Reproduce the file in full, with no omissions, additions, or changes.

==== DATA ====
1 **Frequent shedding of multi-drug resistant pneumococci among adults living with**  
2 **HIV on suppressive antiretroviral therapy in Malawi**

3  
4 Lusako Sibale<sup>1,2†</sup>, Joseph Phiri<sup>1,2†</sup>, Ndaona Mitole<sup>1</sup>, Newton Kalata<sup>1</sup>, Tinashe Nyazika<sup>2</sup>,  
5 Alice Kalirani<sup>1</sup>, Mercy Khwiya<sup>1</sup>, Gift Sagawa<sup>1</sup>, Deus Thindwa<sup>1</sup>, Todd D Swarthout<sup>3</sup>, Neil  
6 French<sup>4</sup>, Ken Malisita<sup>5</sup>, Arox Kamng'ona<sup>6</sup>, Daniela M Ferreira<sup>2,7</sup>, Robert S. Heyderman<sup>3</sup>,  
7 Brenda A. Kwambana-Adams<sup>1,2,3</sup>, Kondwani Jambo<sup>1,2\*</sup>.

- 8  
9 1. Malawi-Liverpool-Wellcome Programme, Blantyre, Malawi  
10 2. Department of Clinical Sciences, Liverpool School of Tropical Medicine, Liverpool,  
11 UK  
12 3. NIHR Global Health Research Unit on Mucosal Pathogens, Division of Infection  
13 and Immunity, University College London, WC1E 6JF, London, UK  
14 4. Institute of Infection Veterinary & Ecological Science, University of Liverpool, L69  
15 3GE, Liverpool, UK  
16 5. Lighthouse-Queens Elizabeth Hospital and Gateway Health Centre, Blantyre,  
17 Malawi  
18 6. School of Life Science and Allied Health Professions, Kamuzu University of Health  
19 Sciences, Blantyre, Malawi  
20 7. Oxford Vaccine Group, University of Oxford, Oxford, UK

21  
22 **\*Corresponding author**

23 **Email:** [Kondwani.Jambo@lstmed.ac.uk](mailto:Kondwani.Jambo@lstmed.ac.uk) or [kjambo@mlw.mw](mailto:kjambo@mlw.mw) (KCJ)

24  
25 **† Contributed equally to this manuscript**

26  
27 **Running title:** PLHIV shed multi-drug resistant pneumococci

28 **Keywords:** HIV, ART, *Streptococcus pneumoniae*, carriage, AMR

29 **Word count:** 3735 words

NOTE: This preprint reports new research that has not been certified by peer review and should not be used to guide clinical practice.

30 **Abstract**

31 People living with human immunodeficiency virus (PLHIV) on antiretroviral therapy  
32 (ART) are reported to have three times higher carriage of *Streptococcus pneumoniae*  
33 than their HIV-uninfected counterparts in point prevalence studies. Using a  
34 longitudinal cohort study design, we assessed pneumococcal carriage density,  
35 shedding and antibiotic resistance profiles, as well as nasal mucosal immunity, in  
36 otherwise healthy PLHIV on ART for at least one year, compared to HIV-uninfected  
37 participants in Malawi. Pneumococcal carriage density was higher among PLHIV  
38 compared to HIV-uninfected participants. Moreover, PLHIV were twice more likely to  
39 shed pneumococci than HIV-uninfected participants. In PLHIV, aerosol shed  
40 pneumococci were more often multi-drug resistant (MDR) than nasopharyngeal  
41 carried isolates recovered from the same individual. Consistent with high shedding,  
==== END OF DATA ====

1 **Frequent shedding of multi-drug resistant pneumococci among adults living with**  
2 **HIV on suppressive antiretroviral therapy in Malawi**

3  
4 Lusako Sibale<sup>1,2†</sup>, Joseph Phiri<sup>1,2†</sup>, Ndaona Mitole<sup>1</sup>, Newton Kalata<sup>1</sup>, Tinashe Nyazika<sup>2</sup>,  
5 Alice Kalirani<sup>1</sup>, Mercy Khwiya<sup>1</sup>, Gift Sagawa<sup>1</sup>, Deus Thindwa<sup>1</sup>, Todd D Swarthout<sup>3</sup>, Neil  
6 French<sup>4</sup>, Ken Malisita<sup>5</sup>, Arox Kamng'ona<sup>6</sup>, Daniela M Ferreira<sup>2,7</sup>, Robert S. Heyderman<sup>3</sup>,  
7 Brenda A. Kwambana-Adams<sup>1,2,3</sup>, Kondwani Jambo<sup>1,2\*</sup>.

- 8  
9 1. Malawi-Liverpool-Wellcome Programme, Blantyre, Malawi  
10 2. Department of Clinical Sciences, Liverpool School of Tropical Medicine, Liverpool,  
11 UK  
12 3. NIHR Global Health Research Unit on Mucosal Pathogens, Division of Infection  
13 and Immunity, University College London, WC1E 6JF, London, UK  
14 4. Institute of Infection Veterinary & Ecological Science, University of Liverpool, L69  
15 3GE, Liverpool, UK  
16 5. Lighthouse-Queens Elizabeth Hospital and Gateway Health Centre, Blantyre,  
17 Malawi  
18 6. School of Life Science and Allied Health Professions, Kamuzu University of Health  
19 Sciences, Blantyre, Malawi  
20 7. Oxford Vaccine Group, University of Oxford, Oxford, UK

21  
22 **\*Corresponding author**

23 **Email:** [Kondwani.Jambo@lstmed.ac.uk](mailto:Kondwani.Jambo@lstmed.ac.uk) or [kjambo@mlw.mw](mailto:kjambo@mlw.mw) (KCJ)

24  
25 **† Contributed equally to this manuscript**

26  
27 **Running title:** PLHIV shed multi-drug resistant pneumococci

28 **Keywords:** HIV, ART, *Streptococcus pneumoniae*, carriage, AMR

29 **Word count:** 3735 words

NOTE: This preprint reports new research that has not been certified by peer review and should not be used to guide clinical practice.

30 **Abstract**

31 People living with human immunodeficiency virus (PLHIV) on antiretroviral therapy  
32 (ART) are reported to have three times higher carriage of *Streptococcus pneumoniae*  
33 than their HIV-uninfected counterparts in point prevalence studies. Using a  
34 longitudinal cohort study design, we assessed pneumococcal carriage density,  
35 shedding and antibiotic resistance profiles, as well as nasal mucosal immunity, in  
36 otherwise healthy PLHIV on ART for at least one year, compared to HIV-uninfected  
37 participants in Malawi. Pneumococcal carriage density was higher among PLHIV  
38 compared to HIV-uninfected participants. Moreover, PLHIV were twice more likely to  
39 shed pneumococci than HIV-uninfected participants. In PLHIV, aerosol shed  
40 pneumococci were more often multi-drug resistant (MDR) than nasopharyngeal  
41 carried isolates recovered from the same individual. Consistent with high shedding,  